What We’re Looking For
Life based on cell division has the ability to make new copies of vital tissue cells starting with the ability of DNA to divide and replicate. As the process continues, whole chromosomes replicate by division with two new cells forming in place of the original one. Different organisms have differing numbers of chromosome by default, the onion under the scope today has 16 chromosomes arranged in 8 pairs, by default compared to the 23 pairs of a human. The number of chromosomes doesn’t necessarily imply the complexity of the organism, dogs have 78 chromosomes for example, compared to humans’ 46.
Some of the main phases of Mitosis are:
Prophase or the “before” phase. The cell still looks very similar to a non-replicating cell even though things are starting to happen.
Prometaphase is where the walls of the nucleus break apart and the act of cell division takes over the whole cell. This is where it really starts to be visible using this level of microscope.
Metaphase or “next to” and true to its name the chromosomes line up side by side near the center of cell as various forces pull in opposite directions. This looks cool when seen in real life.
Anaphase or “after” is when it starts to look like as new twin cells.
Telophase or “end”. ‘nuff said.
To prepare the onion tissue for observation I first soaked it in warm hydrochloric acid. If you think that that sounds like I am digesting the tissue much like our own stomachs do, you would be correct. The cells cease activity, sometimes called “fixing”. A bunch of the matter exterior to the cell walls is digested or softened, allowing us to concentrate on the contents of the cells. It also makes it easier for dye to get into the cell and to mash the tissue thin enough to see one layer of cells.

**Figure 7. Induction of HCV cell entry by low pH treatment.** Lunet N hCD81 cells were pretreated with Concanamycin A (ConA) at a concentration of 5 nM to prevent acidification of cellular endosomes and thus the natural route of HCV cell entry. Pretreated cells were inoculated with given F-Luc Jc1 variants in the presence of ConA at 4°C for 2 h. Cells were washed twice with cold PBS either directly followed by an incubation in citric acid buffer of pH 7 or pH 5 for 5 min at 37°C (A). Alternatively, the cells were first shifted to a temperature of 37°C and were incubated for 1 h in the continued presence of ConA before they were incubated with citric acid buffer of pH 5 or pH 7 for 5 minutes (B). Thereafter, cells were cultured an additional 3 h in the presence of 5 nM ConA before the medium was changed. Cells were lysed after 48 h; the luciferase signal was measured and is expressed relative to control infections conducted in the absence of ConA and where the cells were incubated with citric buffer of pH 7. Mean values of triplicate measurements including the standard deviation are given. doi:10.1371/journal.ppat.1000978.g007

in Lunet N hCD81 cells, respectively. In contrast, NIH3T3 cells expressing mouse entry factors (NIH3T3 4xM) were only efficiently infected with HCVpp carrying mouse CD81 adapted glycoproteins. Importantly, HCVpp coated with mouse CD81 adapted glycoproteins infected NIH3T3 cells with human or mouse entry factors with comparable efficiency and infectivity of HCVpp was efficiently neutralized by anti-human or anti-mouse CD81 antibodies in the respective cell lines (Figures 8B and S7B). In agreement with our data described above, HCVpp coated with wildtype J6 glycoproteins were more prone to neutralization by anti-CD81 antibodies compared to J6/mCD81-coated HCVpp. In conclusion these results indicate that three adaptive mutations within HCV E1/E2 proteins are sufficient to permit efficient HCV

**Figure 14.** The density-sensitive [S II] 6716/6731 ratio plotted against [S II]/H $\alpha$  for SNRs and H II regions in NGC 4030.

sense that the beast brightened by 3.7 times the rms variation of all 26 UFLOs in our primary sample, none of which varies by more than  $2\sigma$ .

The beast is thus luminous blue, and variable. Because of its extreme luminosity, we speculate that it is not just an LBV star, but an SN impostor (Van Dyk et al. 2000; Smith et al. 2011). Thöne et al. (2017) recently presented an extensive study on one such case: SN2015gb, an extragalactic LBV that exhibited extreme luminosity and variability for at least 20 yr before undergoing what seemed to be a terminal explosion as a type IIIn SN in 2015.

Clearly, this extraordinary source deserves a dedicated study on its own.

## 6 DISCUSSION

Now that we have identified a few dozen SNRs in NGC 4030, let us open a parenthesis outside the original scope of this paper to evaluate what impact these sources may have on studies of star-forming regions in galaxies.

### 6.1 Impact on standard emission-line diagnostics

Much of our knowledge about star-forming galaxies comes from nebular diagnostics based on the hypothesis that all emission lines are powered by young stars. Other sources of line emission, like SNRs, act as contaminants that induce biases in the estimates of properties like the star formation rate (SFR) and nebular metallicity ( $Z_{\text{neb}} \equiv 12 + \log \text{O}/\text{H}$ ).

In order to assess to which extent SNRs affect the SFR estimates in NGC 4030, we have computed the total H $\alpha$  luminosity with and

I meant to use a Feulgen stain and thought I had some. I didn’t. I ended up using Methylene Blue, an old standby and was the stain I used originally back when I was young. The slides weren’t quite as clear as I would have liked but my son still got the experience of making his own slides.
The next step is to carefully smash the softened root tissue as flat as possible in an effort to get as close to one layer of cells. Usually I break the slide cover doing this, occasionally resulting in my finger bleeding all over the slide, but today it goes almost perfectly.
With that said, there is only so much flattening the “mash method” and part of the experience in looking through the eyepiece is continuous adjustment of the focus as the subject matter still has an amount of three dimensional aspect to it.
As can be seen in the images below, we caught all of the major phases of mitosis, my onions have been sacrificed for a worthy cause.
I loved my microscope, and still do, it represented my ability to study and learn on my own and yet see way more than I could than I could without it. It also allowed me to focus my curiosity in a hidden realm and was a early gateway in my quest for science when I was young.